This takes account of where you are in the process of acquiring a new skill. When you embark on learning a new exercise you once again go back to being a beginner. This brings with it unaccustomed awkwardness as you have to consciously think through each component of the aid required to produce shoulder-in, half-pass etc. As you felt you were becoming a proficient rider up to this point it can lead to a valley or plateau in your riding. Some people, once they get past the novice rider stage, don't expect to experience those moments of helplessness again and their progress can be hindered by their own fears of making mistakes. Mistakes are a vital part of the learning process and as long as you can recognise one and make a correction, no harm is done.
Let's say you've reached a valley in your riding and you turn to a new teacher to help you overcome it (a not uncommon occurrence). For a few months everything seems to be working out fine. The new teacher makes some minor adjustments to your posture and your horse improves with them. Then as you begin to start work in new areas of your riding you begin to feel awkward, stiff and natural. You feel you're losing control of your riding and a common result of this is to question the teacher's ability and move to a new teacher.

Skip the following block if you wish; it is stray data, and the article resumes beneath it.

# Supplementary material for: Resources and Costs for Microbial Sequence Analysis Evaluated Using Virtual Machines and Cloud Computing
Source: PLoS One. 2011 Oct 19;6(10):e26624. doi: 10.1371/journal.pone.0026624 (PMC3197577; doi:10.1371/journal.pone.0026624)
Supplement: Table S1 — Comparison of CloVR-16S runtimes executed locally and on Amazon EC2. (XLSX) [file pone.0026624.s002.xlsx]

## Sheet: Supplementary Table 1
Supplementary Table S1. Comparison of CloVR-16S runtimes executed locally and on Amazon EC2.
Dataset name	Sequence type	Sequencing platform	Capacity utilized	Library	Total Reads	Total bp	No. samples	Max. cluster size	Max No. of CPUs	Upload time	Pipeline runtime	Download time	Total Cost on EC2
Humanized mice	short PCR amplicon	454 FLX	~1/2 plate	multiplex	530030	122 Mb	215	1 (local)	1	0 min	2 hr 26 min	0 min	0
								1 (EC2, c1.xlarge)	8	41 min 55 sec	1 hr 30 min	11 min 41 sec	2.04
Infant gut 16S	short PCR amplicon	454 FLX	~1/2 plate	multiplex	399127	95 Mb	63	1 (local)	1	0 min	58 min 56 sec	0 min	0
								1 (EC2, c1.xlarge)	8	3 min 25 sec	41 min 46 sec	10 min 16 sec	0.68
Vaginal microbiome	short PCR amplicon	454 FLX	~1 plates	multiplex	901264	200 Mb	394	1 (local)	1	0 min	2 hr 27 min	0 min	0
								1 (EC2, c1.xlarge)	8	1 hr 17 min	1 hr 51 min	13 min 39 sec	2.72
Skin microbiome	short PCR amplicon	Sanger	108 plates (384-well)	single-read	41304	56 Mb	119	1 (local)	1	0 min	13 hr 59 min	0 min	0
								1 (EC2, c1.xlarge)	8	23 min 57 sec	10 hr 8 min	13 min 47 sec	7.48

However, you must realise that with practice a new skill becomes easier, less taxing on brain and body and your horse's response will improve as you do. No-one likes to feel clumsy (or stupid), but it is a fact that the mind and body stiffen when trying to integrate an unaccustomed movement—remember learning to drive a car?!!
Ask yourself if the skill being developed is bringing you closer to your goal? How will it help you in your riding? Is your current expectation of yourself ( or your horse) realistic during this phase of adjustment? What would be a realistic expectation of your performance at this time?
"I know that you believe you understood what you think I said, but
I’m not sure you realise that what you heard was not what I meant.”
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